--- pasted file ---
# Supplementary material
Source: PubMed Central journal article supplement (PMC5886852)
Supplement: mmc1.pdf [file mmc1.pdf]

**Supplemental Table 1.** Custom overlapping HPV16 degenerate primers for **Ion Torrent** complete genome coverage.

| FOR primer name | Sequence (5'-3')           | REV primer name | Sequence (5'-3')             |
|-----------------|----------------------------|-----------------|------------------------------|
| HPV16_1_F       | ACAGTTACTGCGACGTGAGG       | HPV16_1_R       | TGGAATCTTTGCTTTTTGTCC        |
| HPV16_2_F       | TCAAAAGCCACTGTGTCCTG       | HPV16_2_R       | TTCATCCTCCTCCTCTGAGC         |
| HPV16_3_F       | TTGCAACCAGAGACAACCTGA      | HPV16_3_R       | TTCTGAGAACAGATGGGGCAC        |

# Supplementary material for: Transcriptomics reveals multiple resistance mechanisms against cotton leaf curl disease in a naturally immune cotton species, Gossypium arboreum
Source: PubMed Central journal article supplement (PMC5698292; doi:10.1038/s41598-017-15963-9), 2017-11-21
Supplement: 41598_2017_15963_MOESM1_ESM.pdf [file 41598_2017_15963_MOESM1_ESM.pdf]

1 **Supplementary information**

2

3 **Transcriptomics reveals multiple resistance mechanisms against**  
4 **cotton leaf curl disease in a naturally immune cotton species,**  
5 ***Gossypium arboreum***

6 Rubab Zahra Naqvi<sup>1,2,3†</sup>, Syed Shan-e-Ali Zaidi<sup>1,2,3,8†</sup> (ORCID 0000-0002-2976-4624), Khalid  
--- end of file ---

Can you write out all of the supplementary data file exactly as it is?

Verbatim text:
# Supplementary material
Source: PubMed Central journal article supplement (PMC5886852)
Supplement: mmc1.pdf [file mmc1.pdf]

**Supplemental Table 1.** Custom overlapping HPV16 degenerate primers for **Ion Torrent** complete genome coverage.

| FOR primer name | Sequence (5'-3')           | REV primer name | Sequence (5'-3')             |
|-----------------|----------------------------|-----------------|------------------------------|
| HPV16_1_F       | ACAGTTACTGCGACGTGAGG       | HPV16_1_R       | TGGAATCTTTGCTTTTTGTCC        |
| HPV16_2_F       | TCAAAAGCCACTGTGTCCTG       | HPV16_2_R       | TTCATCCTCCTCCTCTGAGC         |
| HPV16_3_F       | TTGCAACCAGAGACAACCTGA      | HPV16_3_R       | TTCTGAGAACAGATGGGGCAC        |

# Supplementary material for: Transcriptomics reveals multiple resistance mechanisms against cotton leaf curl disease in a naturally immune cotton species, Gossypium arboreum
Source: PubMed Central journal article supplement (PMC5698292; doi:10.1038/s41598-017-15963-9), 2017-11-21
Supplement: 41598_2017_15963_MOESM1_ESM.pdf [file 41598_2017_15963_MOESM1_ESM.pdf]

1 **Supplementary information**

2

3 **Transcriptomics reveals multiple resistance mechanisms against**  
4 **cotton leaf curl disease in a naturally immune cotton species,**  
5 ***Gossypium arboreum***

6 Rubab Zahra Naqvi<sup>1,2,3†</sup>, Syed Shan-e-Ali Zaidi<sup>1,2,3,8†</sup> (ORCID 0000-0002-2976-4624), Khalid  